the most interesting question

we say the universe is infinitely large. by describing it this way, we are saying the universe is one of two things.

the first possibility of what we mean is that it is myriad in every moment, myriad in every possible possibility (and in every possibility of every possible possibility, etc.) -- what we are saying is that every fragmentary moment exists, physically, somewhere out there on the other side(s) of the universe. when you look up at space, somewhere out there, someone -- you -- is living a life of total synchronicity, with every similarity, in sum, to your existence, except for a slight momentary change in the history of your being. and another. and another. and another... an infinity of yous. not to mention the infinities of not-you, on this world and every other, in their evolution and essence. just an entire infinity of infinite entirety.

that's one way to look at the meaning of infinite: that the universe contains, physically, every possibility for everything ever. is this likely?

the second meaning is that this universe of ours is so large that its size is simply beyond our comprehension. we cannot fathom how utterly huge this place is, so we call it infinitely large.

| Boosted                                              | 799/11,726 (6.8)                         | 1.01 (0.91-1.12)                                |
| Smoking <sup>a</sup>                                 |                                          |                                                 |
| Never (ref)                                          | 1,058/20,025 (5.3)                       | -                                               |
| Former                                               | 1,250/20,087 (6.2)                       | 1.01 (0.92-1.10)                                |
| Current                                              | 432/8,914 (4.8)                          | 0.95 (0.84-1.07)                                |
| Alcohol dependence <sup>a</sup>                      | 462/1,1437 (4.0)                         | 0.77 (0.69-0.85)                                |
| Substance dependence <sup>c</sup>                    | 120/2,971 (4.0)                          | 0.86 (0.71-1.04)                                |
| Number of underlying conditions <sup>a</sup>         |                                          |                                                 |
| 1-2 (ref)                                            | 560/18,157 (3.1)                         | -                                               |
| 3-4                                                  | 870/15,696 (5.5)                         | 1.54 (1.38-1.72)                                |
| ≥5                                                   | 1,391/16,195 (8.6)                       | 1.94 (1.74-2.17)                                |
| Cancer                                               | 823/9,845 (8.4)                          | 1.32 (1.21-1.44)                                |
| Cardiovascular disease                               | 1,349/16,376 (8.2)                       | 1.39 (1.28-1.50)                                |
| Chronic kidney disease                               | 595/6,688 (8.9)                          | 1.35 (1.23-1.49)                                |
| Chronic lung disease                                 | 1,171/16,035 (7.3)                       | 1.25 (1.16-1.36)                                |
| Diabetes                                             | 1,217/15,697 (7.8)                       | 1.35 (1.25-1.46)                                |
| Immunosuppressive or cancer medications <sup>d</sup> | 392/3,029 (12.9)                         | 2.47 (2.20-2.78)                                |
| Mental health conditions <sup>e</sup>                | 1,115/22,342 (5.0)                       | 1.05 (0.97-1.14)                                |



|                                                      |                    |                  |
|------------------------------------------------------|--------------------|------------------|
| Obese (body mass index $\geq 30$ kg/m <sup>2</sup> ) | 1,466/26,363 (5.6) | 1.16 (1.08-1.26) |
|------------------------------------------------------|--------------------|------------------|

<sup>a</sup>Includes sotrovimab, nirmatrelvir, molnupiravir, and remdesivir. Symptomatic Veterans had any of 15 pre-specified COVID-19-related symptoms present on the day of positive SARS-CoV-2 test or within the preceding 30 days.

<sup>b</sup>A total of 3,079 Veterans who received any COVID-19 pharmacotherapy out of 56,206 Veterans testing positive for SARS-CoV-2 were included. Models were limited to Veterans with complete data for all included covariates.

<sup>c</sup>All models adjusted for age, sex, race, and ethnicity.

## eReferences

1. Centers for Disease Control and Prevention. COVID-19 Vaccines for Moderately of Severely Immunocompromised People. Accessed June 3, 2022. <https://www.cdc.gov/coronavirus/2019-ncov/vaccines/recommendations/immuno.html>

while this second meaning seems like it may be the more-likely-to-be-accurate definition, it is still insufficient. because we are within a universe so truly all-encompassing that it goes and goes and goes and goes... on and on and on... and to our feeble cognitive ability and microscopic range of perception, it just seems to go on forever. and yet: does it go on forever?

if we are saying that the universe is just this extremely, extremely large place, then surely, at some point -- in some scale of gargantuity we cannot comprehend, at some strata of creation -- there is somewhere where the universe stops. if we are saying that the universe is a vast enclosure of space and time, then, at some point, the universe must have a physical end. somewhere where there is no more universe. a place where the universe no longer is.

and so, the most interesting question to me is not which of these two definitions of infinite is, ultimately, the more correct one. no, the most interesting question to me is, if the universe does indeed have an end -- then what is on the other side?



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